Feeds

US Army moves rocket-buster raygun from lab to firing range

At last: Sharks Whales with frikkin lazors on their heads

A new approach to endpoint data protection

The US Army says it's time to move battle rayguns out of the lab and onto the firing range: and it is doing so. According to the Space and Missile Defence Command, a prototype electrically powered war-blaster which has shown combat-worthy power levels of 100+ kilowatts is even now being set up on a test range in New Mexico.

The energy cannon in question is the Joint High Power Solid State Laser (JHPSSL) system from Northrop Grumman, which beat 100kW last March. It's now to be moved from Northrop's Californian labs to the White Sands Missile Range, which is also an "approved above-the-horizon high energy laser test range".

"Northrop proved that a laser powered by electricity could generate a beam powerful enough to destroy targets in the battlefield," said Dr Brian Strickland, Army JHPSSL chief. "With this major hurdle overcome, the next step is to take the laser from the laboratory to the field and begin shooting down missiles with it."

The US Army boffins plan to link the Northrop electro-laser to "an existing beam director" which they have lying about to form an actual functioning raygun, dubbed the Solid State Laser Testbed Experiment (SSLTE).

According to the Space and Missile Defence Command:

A 100kW laser can rapidly heat a target causing various catastrophic effects, such as exploding a warhead or airframe failure... a 100kW class solid-state laser will be capable of protecting the warfighter against rockets, artillery, mortars and unmanned aerial systems.

In other words the soldiers expect the weapons which will follow the SSLTE prototype to zap incoming artillery shells, mortar bombs, bombardment rockets and cruise missiles/drones out of the sky.

This can already be done with automated radar-aimed rapid fire cannon, of course, but there are disadvantages to such an approach. Even where the cannon shells are fitted with self-destruct fuzes - as is normal in landbased operations - the autoguns tend to scatter a fair number of high-velocity duds about the surrounding area, making it hard to get along with local residents. It's also more convenient to supply generator fuel than specialised cannon ammo in large quantities.

But enough of that jibber jabber. The typical Reg reader has no need to defend a compound or convoy from hostile rocketeers in a far-flung warzone: rather, he or she is principally interested in cranially-mounted directed energy options for his or her execution pool menagerie.

Regrettably the day when even a large, sturdy shark will be be able to vaporise meddlesome government operatives or surplus bikini-clad female captives from a distance seems still to be far off. Just the JHPSSL on its own weighs over a tonne, and then there's the beam director and a 700+ horsepower generator (the laser is only 20 per cent efficient).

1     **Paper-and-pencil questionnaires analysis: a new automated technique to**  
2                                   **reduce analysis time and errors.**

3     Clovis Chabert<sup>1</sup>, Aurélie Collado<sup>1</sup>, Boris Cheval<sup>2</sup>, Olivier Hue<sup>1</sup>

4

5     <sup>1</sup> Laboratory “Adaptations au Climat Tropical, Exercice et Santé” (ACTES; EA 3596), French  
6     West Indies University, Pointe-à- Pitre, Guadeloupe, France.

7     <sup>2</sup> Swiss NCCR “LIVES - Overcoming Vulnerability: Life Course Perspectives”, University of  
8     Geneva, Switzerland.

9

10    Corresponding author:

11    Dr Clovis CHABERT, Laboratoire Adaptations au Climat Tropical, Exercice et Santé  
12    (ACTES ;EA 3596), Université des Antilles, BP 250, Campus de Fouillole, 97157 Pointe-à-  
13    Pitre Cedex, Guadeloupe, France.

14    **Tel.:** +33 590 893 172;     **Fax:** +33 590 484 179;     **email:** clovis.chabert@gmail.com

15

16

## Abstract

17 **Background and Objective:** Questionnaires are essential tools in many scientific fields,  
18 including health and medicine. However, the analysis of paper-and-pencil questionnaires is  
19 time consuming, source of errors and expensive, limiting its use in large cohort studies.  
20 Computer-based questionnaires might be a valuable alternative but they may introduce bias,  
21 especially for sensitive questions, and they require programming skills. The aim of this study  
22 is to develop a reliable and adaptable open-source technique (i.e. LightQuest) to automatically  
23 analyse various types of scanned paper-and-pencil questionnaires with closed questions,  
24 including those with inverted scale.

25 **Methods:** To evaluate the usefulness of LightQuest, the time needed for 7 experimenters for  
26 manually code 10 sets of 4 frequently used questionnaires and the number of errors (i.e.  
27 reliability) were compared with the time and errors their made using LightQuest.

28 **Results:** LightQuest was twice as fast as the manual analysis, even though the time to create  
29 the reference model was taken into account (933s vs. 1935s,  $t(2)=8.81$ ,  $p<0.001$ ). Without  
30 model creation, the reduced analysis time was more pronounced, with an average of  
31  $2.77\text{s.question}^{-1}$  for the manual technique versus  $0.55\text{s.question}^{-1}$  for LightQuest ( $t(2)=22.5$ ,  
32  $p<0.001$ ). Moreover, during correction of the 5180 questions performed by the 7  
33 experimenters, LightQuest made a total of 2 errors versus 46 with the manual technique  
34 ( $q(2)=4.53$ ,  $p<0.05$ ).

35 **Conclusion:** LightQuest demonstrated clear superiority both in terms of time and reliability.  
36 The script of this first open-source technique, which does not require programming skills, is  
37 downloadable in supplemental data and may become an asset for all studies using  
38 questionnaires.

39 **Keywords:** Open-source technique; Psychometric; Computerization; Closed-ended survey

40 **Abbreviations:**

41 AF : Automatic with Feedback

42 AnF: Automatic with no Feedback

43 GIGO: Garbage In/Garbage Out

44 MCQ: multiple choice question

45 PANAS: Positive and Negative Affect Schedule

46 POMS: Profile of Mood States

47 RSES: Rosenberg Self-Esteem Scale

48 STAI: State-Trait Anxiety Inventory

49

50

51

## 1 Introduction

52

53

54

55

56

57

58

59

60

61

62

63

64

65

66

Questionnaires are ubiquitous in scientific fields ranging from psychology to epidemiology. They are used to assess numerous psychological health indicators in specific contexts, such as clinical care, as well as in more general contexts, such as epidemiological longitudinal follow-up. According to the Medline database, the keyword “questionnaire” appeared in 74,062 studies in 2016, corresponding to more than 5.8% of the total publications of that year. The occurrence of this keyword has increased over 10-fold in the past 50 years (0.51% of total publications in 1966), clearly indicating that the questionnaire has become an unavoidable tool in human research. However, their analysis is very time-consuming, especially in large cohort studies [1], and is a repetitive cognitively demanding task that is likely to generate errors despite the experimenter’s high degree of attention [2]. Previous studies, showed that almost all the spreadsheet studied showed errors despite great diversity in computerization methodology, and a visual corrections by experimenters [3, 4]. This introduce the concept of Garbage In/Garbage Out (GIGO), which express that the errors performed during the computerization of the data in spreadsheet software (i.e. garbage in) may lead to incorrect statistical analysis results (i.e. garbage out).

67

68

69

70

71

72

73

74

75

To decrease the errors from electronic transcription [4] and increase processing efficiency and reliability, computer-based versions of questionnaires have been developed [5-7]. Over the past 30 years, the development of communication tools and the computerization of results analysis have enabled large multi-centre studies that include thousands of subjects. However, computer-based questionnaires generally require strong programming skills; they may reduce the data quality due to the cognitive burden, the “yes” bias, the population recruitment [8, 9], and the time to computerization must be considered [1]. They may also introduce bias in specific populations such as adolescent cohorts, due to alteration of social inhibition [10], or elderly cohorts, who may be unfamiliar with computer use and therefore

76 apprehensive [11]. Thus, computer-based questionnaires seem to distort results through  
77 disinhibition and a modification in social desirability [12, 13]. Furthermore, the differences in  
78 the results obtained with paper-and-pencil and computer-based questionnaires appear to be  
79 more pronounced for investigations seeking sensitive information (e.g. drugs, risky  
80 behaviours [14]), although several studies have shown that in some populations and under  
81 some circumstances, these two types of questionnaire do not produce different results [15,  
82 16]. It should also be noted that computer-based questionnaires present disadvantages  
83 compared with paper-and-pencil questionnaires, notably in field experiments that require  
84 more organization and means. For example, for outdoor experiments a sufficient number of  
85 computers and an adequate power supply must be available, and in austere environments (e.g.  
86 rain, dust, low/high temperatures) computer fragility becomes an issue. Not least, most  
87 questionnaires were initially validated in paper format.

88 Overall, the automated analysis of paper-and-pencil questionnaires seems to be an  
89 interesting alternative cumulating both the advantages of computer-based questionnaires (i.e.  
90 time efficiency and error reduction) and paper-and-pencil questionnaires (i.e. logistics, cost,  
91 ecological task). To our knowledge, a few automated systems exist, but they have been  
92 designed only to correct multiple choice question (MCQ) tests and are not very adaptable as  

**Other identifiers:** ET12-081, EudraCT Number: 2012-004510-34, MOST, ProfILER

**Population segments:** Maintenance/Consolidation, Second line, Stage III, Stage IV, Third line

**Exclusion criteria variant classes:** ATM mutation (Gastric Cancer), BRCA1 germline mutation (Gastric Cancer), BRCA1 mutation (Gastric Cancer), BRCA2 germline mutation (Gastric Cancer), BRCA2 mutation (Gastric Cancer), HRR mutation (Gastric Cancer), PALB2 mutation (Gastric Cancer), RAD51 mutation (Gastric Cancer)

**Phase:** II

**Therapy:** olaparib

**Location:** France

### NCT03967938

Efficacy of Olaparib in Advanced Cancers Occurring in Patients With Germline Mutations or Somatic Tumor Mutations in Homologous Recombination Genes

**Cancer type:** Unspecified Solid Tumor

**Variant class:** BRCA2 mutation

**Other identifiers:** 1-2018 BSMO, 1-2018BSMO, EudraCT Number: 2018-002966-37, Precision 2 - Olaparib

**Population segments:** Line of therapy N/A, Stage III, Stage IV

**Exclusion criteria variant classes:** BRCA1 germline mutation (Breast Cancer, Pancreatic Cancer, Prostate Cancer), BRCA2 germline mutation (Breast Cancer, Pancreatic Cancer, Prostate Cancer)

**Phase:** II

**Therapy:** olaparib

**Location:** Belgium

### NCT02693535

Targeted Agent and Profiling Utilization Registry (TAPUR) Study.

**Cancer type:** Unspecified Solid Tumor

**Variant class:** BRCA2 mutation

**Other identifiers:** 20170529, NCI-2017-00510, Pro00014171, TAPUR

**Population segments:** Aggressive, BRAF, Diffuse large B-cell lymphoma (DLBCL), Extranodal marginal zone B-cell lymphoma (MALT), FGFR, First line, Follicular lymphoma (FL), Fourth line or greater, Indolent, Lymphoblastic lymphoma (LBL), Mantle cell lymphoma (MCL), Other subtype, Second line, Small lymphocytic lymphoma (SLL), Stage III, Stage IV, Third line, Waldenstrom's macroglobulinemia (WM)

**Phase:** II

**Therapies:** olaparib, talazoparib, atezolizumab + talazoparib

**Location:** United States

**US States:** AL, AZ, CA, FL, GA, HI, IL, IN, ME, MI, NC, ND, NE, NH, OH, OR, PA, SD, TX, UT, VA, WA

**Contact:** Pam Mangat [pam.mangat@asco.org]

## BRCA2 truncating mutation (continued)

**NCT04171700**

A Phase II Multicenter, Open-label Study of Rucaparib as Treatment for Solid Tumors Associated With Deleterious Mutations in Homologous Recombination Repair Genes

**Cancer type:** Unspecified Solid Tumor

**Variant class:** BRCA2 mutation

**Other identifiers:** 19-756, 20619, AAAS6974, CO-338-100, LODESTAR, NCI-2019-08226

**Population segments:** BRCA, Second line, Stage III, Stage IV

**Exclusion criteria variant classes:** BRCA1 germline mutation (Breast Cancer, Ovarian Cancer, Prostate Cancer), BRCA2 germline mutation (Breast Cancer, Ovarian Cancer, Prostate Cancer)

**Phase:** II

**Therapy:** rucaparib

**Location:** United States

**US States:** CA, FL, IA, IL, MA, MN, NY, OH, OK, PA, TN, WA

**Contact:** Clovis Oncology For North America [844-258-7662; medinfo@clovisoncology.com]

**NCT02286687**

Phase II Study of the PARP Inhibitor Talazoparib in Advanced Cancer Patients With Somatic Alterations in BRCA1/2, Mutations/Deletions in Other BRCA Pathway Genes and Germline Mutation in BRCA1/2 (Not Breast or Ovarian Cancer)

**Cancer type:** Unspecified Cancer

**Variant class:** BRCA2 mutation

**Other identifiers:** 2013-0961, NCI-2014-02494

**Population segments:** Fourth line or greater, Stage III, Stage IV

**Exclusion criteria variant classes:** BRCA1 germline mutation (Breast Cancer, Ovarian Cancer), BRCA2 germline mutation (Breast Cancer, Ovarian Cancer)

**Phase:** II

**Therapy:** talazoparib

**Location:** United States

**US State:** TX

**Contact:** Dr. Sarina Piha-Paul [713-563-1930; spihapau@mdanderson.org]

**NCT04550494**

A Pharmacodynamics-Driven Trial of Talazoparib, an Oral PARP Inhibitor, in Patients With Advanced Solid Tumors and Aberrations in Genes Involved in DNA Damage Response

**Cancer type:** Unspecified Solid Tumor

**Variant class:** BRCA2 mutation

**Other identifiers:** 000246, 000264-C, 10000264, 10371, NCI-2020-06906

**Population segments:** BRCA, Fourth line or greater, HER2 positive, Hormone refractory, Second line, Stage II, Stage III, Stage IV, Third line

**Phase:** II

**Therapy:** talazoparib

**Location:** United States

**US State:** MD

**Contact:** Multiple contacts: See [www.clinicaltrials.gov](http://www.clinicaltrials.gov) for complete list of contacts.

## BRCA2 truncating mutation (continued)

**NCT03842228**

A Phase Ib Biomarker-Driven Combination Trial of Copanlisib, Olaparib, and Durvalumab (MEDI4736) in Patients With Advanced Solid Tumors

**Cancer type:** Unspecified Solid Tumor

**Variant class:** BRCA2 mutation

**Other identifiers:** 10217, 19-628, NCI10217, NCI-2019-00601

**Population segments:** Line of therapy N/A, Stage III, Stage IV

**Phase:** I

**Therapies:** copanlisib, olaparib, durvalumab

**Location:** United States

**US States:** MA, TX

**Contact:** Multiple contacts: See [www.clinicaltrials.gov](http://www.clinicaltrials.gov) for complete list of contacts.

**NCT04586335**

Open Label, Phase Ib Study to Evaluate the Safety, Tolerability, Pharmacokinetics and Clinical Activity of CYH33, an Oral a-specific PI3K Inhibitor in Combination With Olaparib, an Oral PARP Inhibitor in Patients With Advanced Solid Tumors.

The entire system could be carried by a team of several elephants, but even a great white shark would struggle with it. Perhaps some kind of ill-tempered, mutated albino whale might be in order. ®

Bootnote

For those struggling to keep track of all the rayguns, the JHPSSL is no relation to the large, chemically fuelled flying ones carried in a jumbo jet (ABL/ALTB) or C-130 transport plane (ATL). These were conceived respectively as ICBM-blaster and silent spontaneous-combustion sky sniper respectively. Their need for frequent topups of toxic, explosive, corrosive fuels rules them out for ordinary battlefield use.

The Essential Guide to IT Transformation

More from The Register

next story
Just TWO climate committee MPs contradict IPCC: The two with SCIENCE degrees
'Greenhouse effect is real, but as for the rest of it ...'
Asteroid's DINO KILLING SPREE just bad luck – boffins
Sauricide WASN'T inevitable, reckon scientists
Brit amateur payload set to complete full circle around PLANET EARTH
Ultralight solar radio tracker in glorious 25,000km almost-space odyssey
Boffins spot weirder quantum capers as neutrons take the high road, spin takes the low
Cheshire cat effect see neutrons and their properties walk different paths
NASA Mars rover FINALLY equals 1973 Soviet benchmark
Yet to surpass ancient Greek one, however
Famous 'Dish' radio telescope to be emptied in budget crisis: CSIRO
Radio astronomy suffering to protect Square Kilometre Array
prev story

Whitepapers

7 Elements of Radically Simple OS Migration
Avoid the typical headaches of OS migration during your next project by learning about 7 elements of radically simple OS migration.
Implementing global e-invoicing with guaranteed legal certainty
Explaining the role local tax compliance plays in successful supply chain management and e-business and how leading global brands are addressing this.
Consolidation: The Foundation for IT Business Transformation
In this whitepaper learn how effective consolidation of IT and business resources can enable multiple, meaningful business benefits.
Solving today's distributed Big Data backup challenges
Enable IT efficiency and allow a firm to access and reuse corporate information for competitive advantage, ultimately changing business outcomes.
A new approach to endpoint data protection
What is the best way to ensure comprehensive visibility, management, and control of information on both company-owned and employee-owned devices?